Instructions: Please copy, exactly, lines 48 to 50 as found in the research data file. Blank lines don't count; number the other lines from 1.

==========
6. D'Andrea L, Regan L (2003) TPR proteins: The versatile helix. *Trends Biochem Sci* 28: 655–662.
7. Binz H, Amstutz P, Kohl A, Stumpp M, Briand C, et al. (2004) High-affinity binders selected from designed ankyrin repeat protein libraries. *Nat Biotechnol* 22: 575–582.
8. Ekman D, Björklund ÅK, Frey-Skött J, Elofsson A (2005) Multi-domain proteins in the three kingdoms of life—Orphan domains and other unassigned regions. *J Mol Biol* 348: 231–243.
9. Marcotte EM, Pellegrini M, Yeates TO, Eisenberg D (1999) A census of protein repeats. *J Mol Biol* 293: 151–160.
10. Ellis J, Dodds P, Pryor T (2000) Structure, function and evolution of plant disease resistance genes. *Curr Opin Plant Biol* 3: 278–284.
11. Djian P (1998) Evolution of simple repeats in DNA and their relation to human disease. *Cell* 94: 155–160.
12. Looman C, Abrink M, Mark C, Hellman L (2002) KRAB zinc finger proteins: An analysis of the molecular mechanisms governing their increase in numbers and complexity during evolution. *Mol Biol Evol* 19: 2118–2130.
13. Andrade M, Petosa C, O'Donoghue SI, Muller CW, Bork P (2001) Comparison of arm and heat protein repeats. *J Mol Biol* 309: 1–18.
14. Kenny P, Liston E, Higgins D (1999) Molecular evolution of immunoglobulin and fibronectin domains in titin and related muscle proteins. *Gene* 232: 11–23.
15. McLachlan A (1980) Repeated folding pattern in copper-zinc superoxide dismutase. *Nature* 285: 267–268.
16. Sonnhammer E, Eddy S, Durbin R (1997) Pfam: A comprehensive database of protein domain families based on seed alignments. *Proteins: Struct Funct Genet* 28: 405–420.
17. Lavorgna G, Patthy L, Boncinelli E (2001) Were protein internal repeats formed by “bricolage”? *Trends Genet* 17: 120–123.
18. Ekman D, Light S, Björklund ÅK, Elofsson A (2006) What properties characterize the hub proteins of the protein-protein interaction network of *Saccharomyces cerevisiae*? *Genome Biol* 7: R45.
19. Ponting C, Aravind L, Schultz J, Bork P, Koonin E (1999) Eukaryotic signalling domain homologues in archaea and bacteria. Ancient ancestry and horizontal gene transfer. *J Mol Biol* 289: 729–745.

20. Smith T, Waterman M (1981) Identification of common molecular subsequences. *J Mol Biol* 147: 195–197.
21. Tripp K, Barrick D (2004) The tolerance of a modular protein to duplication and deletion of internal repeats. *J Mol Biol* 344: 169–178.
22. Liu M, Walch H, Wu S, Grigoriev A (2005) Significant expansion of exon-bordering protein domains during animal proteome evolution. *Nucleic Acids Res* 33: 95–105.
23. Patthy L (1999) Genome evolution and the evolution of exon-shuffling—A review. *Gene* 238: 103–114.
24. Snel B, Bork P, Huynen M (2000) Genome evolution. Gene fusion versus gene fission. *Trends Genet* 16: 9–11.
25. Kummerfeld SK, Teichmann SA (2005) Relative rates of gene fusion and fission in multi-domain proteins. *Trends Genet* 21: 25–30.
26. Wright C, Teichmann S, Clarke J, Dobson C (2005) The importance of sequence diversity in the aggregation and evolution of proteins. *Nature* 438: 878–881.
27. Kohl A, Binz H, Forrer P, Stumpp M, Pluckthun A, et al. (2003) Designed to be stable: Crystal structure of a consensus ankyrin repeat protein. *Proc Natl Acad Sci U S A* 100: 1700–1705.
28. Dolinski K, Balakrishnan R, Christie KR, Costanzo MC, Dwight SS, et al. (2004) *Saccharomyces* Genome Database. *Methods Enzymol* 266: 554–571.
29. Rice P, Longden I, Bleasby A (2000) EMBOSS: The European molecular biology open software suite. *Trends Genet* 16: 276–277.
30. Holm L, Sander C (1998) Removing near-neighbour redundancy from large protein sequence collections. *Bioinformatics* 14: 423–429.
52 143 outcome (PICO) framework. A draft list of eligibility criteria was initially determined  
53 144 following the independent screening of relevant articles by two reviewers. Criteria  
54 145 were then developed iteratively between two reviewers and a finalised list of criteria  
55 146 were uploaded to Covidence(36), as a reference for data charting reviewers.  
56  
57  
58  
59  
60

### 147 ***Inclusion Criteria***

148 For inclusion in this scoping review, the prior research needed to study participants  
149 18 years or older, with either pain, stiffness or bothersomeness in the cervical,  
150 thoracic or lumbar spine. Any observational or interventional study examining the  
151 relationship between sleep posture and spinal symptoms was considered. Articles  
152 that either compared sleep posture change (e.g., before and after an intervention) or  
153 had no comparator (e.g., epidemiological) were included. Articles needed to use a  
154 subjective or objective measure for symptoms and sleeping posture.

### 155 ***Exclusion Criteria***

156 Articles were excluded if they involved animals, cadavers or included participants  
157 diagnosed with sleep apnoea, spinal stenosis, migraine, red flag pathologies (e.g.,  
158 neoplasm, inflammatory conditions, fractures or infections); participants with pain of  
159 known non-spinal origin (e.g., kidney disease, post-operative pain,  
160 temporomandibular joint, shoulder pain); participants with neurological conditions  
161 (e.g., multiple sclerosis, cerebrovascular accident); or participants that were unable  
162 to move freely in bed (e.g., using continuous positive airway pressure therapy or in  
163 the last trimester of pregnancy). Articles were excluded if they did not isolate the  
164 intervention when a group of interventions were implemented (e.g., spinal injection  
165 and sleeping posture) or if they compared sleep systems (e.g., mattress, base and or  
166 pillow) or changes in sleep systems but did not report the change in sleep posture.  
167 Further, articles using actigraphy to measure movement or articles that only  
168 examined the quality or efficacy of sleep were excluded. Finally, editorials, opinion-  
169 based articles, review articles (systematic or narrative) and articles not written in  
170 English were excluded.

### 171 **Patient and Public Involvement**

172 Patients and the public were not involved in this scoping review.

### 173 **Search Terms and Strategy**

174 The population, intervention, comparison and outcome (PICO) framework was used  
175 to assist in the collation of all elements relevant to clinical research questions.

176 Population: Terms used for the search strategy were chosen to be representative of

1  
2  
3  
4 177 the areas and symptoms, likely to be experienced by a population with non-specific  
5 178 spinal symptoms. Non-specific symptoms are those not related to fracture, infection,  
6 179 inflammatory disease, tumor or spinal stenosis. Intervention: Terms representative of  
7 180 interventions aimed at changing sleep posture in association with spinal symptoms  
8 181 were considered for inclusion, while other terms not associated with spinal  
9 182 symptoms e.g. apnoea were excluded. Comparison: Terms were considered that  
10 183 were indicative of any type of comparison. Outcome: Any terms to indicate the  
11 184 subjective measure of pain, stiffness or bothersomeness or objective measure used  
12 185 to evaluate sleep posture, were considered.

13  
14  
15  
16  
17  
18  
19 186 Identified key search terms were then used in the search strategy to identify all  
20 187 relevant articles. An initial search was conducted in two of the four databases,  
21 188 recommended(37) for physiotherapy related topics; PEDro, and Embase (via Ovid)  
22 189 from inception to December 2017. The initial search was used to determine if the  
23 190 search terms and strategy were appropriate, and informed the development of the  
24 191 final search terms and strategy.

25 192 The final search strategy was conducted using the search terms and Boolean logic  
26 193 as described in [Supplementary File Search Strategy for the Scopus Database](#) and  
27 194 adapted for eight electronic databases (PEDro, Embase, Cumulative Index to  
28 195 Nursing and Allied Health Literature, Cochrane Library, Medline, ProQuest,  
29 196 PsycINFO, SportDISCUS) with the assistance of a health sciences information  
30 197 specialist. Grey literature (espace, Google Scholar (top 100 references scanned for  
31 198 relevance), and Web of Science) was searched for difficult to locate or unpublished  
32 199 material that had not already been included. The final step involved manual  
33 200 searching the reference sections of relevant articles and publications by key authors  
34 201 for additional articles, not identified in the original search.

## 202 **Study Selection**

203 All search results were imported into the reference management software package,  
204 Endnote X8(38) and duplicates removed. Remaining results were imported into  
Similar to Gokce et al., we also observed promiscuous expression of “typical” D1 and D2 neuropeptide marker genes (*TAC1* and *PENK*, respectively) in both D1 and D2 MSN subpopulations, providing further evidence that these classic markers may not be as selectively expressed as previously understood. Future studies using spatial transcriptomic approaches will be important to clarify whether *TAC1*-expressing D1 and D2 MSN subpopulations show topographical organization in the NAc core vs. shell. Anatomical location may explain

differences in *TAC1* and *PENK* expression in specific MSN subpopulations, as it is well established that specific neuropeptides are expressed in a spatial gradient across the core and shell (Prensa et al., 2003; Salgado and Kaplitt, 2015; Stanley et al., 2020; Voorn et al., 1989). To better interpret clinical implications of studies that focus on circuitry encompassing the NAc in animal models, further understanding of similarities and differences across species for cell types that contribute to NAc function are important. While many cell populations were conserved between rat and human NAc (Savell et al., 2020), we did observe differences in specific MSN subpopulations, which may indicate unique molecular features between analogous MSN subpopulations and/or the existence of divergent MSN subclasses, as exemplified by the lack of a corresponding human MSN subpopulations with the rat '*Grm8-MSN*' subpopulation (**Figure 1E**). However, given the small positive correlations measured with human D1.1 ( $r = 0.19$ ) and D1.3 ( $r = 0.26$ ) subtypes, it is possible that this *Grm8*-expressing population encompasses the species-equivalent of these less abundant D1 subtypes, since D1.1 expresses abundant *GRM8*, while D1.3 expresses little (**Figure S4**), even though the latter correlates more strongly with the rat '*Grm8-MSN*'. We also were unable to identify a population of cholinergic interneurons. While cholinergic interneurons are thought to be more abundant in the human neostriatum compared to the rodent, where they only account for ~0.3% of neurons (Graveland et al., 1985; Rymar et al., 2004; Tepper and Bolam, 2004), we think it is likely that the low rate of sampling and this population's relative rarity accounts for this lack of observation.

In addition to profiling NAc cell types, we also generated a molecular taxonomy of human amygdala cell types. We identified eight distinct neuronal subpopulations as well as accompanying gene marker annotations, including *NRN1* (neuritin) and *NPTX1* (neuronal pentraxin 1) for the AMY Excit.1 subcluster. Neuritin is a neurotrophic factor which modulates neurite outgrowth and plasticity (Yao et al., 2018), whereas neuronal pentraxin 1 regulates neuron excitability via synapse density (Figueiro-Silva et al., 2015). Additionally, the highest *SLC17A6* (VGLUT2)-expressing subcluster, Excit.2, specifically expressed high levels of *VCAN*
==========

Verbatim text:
160 temporomandibular joint, shoulder pain); participants with neurological conditions  
161 (e.g., multiple sclerosis, cerebrovascular accident); or participants that were unable  
162 to move freely in bed (e.g., using continuous positive airway pressure therapy or in  